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Changes to Employment Support Allowance Will Only Push People Further Into Poverty - And Further Away From Work

27/01/2016 07:59 | Updated 27 January 2016

There are strong feelings around the proposed changes to the Employment and Support Allowance (ESA) for those who are in the Work Related Activity Group (those people found unable to work but able to take part in some activities that could move them closer to work).

We strongly believe that rather than halving the employment gap it will push people further in to poverty and as such, further away from work. In fact a report recently published by Low Lord, Baroness Meacher and myself called 'Halving the Gap' found no evidence to suggest that reducing someone's ESA will provide the incentive that the Government believes it will.

The fact that the employment gap exists in the first place should highlight that there are many problems, and it is important to note that these don't always rest with the individual. It can strongly be attributed to employers attitudes but also a jig saw of other challenges like accessible transport, housing, and societal attitudes.

The Government have also so far not shown any inclination to report on the numbers of disabled people moving in to work (or on other areas of reporting child poverty figures). At the very least I believe that this should be an important part of proving that their policies are working.

The Government have said that they are committed to protecting disability benefits and the £30 a week cut will be for new claimants only. One argument is that this doesn't suddenly make it easier for people to cope.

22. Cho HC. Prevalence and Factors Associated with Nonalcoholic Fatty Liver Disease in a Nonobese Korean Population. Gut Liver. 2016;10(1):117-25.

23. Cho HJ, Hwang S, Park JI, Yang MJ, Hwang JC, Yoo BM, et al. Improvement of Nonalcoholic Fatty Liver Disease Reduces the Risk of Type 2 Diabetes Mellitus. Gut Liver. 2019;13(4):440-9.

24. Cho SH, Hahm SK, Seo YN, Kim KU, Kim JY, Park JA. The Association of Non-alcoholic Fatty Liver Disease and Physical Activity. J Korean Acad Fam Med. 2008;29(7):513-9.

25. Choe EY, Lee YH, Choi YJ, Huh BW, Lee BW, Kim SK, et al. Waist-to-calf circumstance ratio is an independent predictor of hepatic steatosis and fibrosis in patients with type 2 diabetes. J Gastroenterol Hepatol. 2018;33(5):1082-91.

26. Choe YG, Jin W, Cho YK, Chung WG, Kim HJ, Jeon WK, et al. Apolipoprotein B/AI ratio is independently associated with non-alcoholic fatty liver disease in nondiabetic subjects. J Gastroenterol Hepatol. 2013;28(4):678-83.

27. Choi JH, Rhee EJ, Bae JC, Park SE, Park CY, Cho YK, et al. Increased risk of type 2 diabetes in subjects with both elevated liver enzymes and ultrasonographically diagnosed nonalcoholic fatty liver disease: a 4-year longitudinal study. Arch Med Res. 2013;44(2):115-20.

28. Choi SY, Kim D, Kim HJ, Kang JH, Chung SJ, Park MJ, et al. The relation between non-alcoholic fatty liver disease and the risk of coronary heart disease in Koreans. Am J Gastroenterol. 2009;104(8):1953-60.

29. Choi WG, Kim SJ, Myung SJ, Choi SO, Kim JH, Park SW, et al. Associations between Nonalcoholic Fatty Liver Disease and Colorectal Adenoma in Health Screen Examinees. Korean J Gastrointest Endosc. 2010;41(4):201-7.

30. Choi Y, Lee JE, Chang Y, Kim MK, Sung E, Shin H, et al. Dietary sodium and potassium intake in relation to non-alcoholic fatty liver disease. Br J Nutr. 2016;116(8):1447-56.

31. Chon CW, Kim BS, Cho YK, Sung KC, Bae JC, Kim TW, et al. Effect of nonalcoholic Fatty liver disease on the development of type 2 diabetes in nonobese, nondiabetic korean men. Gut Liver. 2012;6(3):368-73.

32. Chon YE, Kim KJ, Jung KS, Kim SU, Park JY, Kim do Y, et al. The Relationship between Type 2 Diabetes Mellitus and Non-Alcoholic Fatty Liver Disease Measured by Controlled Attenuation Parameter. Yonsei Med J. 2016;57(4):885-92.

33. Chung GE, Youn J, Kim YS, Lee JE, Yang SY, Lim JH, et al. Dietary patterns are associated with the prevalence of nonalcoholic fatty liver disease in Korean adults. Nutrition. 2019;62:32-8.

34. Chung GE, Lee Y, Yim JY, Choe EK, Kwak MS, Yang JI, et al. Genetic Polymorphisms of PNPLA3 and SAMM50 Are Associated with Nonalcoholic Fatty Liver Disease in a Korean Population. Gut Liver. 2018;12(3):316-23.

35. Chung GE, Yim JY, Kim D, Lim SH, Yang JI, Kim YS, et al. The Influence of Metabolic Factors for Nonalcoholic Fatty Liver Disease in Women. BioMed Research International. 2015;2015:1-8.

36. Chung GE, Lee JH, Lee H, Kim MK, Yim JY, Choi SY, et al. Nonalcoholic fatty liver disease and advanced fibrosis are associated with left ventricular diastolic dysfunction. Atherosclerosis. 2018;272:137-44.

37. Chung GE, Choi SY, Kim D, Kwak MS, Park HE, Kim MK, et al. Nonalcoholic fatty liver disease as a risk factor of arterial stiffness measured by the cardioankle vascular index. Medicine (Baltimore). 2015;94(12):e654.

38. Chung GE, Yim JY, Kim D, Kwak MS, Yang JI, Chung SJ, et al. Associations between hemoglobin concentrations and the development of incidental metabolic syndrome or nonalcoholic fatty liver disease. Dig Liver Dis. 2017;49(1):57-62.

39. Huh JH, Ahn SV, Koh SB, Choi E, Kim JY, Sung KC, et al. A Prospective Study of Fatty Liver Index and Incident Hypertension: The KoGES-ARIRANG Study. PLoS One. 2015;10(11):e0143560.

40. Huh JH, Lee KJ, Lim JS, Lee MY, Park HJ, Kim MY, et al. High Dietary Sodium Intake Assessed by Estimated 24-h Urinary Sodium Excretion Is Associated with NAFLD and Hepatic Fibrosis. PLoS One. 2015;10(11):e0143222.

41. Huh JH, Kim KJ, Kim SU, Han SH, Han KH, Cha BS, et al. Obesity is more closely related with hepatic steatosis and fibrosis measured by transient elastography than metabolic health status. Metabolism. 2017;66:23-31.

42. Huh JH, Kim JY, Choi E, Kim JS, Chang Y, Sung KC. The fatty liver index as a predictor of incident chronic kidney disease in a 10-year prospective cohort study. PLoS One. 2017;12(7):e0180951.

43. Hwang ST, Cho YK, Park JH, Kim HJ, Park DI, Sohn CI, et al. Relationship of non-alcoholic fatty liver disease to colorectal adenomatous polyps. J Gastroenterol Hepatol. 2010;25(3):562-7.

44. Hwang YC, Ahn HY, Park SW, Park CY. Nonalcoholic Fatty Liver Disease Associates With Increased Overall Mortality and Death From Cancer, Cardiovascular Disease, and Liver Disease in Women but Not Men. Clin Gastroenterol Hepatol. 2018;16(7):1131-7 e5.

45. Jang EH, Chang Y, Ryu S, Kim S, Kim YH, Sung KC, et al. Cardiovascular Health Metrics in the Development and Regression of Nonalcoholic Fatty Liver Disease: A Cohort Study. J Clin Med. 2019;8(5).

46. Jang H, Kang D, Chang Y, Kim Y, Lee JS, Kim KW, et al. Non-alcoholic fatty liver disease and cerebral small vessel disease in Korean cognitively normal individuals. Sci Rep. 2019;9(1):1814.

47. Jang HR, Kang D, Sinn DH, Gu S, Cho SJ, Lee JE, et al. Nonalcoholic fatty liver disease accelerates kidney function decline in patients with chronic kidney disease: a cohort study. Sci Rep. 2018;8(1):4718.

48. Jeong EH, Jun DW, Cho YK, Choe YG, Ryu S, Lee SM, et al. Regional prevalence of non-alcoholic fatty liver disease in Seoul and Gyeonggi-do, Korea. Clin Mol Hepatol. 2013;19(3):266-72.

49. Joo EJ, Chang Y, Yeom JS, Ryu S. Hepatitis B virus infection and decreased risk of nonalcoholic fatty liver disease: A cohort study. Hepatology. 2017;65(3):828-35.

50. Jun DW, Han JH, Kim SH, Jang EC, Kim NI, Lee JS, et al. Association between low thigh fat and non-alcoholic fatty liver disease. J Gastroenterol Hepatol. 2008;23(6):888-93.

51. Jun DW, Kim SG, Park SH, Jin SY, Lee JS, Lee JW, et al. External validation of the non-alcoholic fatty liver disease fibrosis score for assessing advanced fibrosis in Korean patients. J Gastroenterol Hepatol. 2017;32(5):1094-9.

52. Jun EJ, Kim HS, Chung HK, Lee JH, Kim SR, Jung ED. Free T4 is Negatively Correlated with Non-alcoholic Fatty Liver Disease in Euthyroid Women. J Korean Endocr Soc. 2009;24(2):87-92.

A survey of 2,000 people by Populus (in January 2016) found that 71% believe that these cuts will make Britain a harder place for disabled people to live in. So far a petition on the 38 degrees website has more than 80,000 signatures. We also know that a third of disabled people live in poverty and that some are struggling to eat and have to make some stark choices. Furthermore, the Department for Work and Pensions (DWP) own figures published in June last year show the number of disabled people living in poverty has increased by a further 300,000. This proves that the challenges are great

My concern (and that of many others) is that by removing support then it puts many people in a more challenging situation and less able to do the things that will help them move towards work. And, rather than 'saving' money I believe that it will just push the costs further down the line and in to other areas/departments, and by then the job to fix it could be bigger. In essence by the time it is recognised thousands of people's lives will be worse off.

We have been told that there will be more support through job centres, but as yet we don't know what that looks like. We at least need the detail to be able to make a better assessment.

Of great concern as well is the evidence given by the Equality and Human Rights Commission to the Commons Public Bill Committee where they said that the impact assessment carried out doesn't equip Parliamentarians to properly consider the implications of the measures in the Bill. Their offer of help and support to the Department of Work and Pensions which has been rejected.

The debate will be robust with many different views expressed but to me this feels like the system is being tinkered around the edges and looking for easy numbers to cut rather than looking for solutions to get people in to work.

Baroness Grey-Thompson is a crossbench peer in the House of Lord and an eleven-time Paralympic champion

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